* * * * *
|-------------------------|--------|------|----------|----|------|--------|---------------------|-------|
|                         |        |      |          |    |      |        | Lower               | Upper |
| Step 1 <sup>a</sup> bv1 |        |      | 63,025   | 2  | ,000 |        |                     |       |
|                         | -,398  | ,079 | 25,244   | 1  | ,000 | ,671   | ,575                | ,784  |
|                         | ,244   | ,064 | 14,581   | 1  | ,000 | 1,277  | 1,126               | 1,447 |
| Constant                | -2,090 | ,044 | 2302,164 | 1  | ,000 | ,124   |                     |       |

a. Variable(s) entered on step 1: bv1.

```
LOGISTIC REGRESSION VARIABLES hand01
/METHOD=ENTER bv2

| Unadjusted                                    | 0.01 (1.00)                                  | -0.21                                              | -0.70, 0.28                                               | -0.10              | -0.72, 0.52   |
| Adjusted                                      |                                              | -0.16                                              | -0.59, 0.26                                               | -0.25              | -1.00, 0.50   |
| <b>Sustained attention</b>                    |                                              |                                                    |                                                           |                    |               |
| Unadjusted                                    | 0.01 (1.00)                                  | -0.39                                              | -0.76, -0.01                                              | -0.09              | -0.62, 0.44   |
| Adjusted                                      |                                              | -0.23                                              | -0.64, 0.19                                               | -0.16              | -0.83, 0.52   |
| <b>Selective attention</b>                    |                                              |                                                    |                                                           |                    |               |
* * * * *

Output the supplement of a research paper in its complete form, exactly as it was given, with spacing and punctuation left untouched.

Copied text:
|-------------------------|--------|------|----------|----|------|--------|---------------------|-------|
|                         |        |      |          |    |      |        | Lower               | Upper |
| Step 1 <sup>a</sup> bv1 |        |      | 63,025   | 2  | ,000 |        |                     |       |
|                         | -,398  | ,079 | 25,244   | 1  | ,000 | ,671   | ,575                | ,784  |
|                         | ,244   | ,064 | 14,581   | 1  | ,000 | 1,277  | 1,126               | 1,447 |
| Constant                | -2,090 | ,044 | 2302,164 | 1  | ,000 | ,124   |                     |       |

a. Variable(s) entered on step 1: bv1.

```
LOGISTIC REGRESSION VARIABLES hand01
/METHOD=ENTER bv2

| Unadjusted                                    | 0.01 (1.00)                                  | -0.21                                              | -0.70, 0.28                                               | -0.10              | -0.72, 0.52   |
| Adjusted                                      |                                              | -0.16                                              | -0.59, 0.26                                               | -0.25              | -1.00, 0.50   |
| <b>Sustained attention</b>                    |                                              |                                                    |                                                           |                    |               |
| Unadjusted                                    | 0.01 (1.00)                                  | -0.39                                              | -0.76, -0.01                                              | -0.09              | -0.62, 0.44   |
| Adjusted                                      |                                              | -0.23                                              | -0.64, 0.19                                               | -0.16              | -0.83, 0.52   |
| <b>Selective attention</b>                    |                                              |                                                    |                                                           |                    |               |